Wednesday, February 13, 2013



The War on Drugs is Immoral and Ineffective

By Brian Woodward

The War On Drugs

Despite increased efforts, manpower, and resources, the war on drugs has been a resounding failure. W.C. fields once quipped, “If at first you don't succeed, try, try again. Then quit. There’s no point in being a damn fool about it.” Not only does the government continue to fail in its crusade against drugs, it continues to perpetrate a policy of immense immorality. It has been over forty years since President Richard Nixon declared war on drugs. What do we have to show for it? The United States has wasted over one trillion dollars, caused incarceration rates to exceed that of the Gulag Archipelago under Stalin, discriminated heavily against African-Americans, propped up the drug cartels, and allowed drug profits to flow into the pockets of al-Qaeda and other such terrorist groups.

The biggest success in the war on drugs has been the protection of drug cartel’s profits. In a standard legalized business, there are countless importers and exporters of a particular good. However, due to drug raids and seizures, the price of maintaining an operation has been driven up, forcing out small time distributors. This allows the only viable distributors to be those with enough money and resources to avoid interdiction efforts. These are the highly violent drug cartels that are flush with cash. By keeping goods out and arresting local distributors, the government keeps the price of these drugs up. What else could a monopolist want?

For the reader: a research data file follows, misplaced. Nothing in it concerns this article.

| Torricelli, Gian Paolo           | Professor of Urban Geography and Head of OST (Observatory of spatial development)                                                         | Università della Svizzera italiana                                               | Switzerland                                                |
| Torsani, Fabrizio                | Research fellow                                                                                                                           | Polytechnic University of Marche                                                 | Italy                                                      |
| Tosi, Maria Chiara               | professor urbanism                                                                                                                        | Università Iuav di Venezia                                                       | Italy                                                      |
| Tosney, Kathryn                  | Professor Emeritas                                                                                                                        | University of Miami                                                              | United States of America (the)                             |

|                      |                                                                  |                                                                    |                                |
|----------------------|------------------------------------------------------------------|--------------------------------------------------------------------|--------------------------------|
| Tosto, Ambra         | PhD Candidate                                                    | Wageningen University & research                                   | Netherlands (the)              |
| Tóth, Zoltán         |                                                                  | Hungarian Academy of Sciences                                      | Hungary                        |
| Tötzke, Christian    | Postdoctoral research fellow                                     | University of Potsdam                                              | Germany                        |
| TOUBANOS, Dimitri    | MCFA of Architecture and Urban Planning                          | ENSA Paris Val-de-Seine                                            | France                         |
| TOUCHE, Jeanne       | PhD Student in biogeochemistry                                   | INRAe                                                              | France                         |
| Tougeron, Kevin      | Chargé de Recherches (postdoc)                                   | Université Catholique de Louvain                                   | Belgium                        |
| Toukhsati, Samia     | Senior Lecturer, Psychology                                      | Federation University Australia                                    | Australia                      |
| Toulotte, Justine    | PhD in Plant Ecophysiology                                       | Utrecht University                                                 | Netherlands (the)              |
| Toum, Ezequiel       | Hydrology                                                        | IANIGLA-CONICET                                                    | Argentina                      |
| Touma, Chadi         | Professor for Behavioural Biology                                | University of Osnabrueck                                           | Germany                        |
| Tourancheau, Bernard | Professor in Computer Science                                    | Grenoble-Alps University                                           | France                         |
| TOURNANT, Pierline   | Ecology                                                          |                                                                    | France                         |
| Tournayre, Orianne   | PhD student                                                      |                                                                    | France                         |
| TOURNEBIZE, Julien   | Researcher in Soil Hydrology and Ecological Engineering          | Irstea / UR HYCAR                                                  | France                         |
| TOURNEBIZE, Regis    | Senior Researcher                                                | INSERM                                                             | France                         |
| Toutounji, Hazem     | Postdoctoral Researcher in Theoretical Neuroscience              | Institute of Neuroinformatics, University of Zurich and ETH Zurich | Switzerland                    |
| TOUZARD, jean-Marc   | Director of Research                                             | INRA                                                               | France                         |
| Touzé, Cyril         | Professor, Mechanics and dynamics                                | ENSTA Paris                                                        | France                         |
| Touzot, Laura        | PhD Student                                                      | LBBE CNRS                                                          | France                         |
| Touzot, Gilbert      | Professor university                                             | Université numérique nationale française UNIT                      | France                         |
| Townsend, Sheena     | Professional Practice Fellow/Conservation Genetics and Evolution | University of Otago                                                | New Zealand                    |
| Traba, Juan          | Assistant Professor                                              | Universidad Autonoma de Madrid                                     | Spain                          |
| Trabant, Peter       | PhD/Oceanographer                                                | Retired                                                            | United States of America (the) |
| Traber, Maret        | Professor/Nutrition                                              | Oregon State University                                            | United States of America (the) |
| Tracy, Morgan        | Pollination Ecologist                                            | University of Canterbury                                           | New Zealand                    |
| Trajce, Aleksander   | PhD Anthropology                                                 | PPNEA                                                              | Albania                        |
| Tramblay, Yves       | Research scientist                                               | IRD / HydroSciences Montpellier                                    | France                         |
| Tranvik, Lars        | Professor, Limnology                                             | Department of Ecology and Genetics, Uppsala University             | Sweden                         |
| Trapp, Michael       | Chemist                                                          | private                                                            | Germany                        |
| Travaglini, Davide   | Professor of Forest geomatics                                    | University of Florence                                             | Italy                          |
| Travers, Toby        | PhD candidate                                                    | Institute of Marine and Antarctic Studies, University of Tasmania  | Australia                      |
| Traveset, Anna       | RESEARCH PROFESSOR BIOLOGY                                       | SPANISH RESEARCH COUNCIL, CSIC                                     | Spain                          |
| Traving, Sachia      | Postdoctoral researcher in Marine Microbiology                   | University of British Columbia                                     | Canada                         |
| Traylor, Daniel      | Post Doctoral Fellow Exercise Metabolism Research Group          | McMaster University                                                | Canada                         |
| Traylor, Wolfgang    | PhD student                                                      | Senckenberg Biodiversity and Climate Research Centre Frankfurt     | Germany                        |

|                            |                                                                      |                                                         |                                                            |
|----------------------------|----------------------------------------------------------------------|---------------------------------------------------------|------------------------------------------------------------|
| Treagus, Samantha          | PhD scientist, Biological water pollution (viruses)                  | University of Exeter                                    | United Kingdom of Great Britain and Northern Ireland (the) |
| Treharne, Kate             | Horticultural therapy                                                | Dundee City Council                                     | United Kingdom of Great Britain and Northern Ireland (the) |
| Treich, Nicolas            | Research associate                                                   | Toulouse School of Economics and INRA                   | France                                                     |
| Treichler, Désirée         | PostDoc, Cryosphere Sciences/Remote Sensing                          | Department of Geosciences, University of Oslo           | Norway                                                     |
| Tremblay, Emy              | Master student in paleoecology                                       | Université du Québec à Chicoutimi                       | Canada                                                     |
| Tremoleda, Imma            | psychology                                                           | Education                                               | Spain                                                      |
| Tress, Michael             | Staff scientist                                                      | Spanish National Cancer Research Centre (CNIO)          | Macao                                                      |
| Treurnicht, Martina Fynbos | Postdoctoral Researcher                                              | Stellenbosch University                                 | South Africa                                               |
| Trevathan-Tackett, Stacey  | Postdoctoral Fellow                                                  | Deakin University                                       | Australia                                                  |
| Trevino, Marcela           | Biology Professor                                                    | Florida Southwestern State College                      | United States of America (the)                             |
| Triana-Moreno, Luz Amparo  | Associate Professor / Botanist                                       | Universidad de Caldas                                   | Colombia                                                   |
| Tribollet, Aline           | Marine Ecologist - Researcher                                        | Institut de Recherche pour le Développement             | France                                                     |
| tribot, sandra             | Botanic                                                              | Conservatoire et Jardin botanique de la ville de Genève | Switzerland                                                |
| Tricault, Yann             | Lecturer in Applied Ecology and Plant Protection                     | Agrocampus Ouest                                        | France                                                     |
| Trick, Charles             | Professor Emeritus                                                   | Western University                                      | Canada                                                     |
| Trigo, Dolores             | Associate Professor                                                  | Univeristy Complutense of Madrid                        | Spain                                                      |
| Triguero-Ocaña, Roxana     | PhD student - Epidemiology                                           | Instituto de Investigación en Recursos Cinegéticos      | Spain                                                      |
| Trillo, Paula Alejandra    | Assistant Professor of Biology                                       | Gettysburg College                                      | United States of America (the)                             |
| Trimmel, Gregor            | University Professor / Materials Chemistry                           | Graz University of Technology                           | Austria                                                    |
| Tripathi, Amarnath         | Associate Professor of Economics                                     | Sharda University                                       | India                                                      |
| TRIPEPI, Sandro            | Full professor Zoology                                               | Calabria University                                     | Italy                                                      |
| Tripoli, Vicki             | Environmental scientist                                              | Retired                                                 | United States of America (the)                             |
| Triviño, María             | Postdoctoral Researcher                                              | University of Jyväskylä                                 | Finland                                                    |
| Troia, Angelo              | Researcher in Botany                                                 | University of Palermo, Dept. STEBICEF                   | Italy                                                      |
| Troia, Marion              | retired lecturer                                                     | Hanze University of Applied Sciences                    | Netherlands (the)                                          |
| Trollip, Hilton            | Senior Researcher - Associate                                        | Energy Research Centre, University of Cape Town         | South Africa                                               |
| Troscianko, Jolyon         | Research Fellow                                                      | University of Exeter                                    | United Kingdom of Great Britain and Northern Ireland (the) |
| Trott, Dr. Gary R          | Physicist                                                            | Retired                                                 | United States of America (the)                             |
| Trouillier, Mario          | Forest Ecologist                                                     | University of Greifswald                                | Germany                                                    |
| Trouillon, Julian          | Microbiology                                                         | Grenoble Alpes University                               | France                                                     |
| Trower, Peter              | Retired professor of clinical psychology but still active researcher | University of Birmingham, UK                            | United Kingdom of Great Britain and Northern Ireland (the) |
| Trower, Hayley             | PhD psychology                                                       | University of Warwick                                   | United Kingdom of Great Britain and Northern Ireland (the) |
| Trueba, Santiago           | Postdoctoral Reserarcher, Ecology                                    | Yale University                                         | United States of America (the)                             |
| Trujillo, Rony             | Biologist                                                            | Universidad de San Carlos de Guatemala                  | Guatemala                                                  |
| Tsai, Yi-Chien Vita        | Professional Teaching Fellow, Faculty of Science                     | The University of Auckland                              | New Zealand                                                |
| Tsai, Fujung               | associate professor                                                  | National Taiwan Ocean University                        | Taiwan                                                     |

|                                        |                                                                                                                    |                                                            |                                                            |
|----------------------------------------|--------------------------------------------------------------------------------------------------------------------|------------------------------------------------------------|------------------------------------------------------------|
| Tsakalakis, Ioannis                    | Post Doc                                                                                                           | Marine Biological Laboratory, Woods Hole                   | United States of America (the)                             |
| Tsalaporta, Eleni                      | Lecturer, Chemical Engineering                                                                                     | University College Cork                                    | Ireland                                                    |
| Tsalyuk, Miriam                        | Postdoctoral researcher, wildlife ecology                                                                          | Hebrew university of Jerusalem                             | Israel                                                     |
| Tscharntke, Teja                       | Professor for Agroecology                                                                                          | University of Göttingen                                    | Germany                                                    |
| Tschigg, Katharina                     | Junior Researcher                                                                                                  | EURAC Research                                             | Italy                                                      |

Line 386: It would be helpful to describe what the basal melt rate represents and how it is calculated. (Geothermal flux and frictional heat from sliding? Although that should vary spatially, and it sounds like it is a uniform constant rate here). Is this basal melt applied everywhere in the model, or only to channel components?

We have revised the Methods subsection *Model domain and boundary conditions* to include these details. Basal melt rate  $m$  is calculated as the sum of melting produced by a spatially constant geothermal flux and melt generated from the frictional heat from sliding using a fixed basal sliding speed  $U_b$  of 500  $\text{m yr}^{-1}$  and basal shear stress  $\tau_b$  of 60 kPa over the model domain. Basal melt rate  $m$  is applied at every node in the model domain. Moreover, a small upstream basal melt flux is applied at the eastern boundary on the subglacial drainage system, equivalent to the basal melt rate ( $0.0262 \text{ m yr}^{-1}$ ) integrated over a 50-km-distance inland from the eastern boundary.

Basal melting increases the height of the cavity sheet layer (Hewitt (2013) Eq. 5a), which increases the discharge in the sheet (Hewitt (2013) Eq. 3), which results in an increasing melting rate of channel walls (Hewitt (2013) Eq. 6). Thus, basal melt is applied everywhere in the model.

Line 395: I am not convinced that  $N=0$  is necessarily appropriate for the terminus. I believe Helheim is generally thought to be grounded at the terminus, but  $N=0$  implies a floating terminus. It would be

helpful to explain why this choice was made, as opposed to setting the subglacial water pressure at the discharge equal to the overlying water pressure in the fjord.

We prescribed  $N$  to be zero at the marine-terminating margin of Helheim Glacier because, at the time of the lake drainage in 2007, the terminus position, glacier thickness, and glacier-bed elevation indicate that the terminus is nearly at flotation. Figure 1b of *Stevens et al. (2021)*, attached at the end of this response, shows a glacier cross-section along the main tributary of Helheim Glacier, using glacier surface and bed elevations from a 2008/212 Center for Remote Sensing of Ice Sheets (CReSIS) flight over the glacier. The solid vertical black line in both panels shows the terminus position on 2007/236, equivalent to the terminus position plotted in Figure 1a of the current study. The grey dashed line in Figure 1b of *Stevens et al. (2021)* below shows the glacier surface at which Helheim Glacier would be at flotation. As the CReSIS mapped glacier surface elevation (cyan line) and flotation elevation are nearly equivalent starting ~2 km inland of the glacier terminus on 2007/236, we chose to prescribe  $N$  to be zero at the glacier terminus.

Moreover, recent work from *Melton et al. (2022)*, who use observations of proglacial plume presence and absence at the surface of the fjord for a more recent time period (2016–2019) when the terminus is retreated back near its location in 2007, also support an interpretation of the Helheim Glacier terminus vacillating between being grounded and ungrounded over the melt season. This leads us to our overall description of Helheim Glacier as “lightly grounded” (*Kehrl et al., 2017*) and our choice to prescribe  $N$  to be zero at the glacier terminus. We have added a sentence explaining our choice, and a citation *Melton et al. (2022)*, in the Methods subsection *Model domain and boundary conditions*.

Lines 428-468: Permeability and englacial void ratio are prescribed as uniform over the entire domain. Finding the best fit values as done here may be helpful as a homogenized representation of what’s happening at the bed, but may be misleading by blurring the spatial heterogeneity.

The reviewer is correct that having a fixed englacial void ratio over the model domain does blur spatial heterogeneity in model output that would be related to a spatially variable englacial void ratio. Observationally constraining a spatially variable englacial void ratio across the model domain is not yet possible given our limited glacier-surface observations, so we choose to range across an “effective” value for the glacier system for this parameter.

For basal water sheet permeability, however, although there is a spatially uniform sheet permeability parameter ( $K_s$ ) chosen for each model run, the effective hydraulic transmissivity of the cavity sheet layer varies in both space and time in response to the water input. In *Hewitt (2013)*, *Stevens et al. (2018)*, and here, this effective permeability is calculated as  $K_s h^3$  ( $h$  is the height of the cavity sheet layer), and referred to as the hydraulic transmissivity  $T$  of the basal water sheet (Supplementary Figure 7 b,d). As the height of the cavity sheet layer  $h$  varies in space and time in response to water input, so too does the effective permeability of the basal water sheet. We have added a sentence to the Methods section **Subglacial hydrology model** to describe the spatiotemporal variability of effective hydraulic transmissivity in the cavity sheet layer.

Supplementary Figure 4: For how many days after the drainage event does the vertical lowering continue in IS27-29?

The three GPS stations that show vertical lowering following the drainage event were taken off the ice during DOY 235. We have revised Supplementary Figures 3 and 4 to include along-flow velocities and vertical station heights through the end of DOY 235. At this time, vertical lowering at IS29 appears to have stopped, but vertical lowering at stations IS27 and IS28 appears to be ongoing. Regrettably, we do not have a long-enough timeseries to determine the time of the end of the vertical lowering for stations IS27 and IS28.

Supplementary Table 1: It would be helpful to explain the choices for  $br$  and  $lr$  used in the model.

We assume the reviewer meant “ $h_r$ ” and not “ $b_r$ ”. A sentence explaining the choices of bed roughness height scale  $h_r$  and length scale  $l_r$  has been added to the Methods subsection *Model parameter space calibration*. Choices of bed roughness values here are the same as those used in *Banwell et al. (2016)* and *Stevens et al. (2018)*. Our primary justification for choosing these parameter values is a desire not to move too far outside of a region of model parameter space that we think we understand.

The production of drugs can be a very inexpensive endeavor when it is not necessary to take immense precautions to avoid interdiction. Thomas Sowell, the Rose and Milton Friedman Senior Fellow on Public Policy at the Hoover Institution at Stanford University, asserts that “if a user could support his habit for a few dollars a week, he would still be an addict, but would not have to steal, mug, or murder to support his habit.” Zealots are unable to realize that they are not God. They possess neither the license nor the capacity to dictate how others live.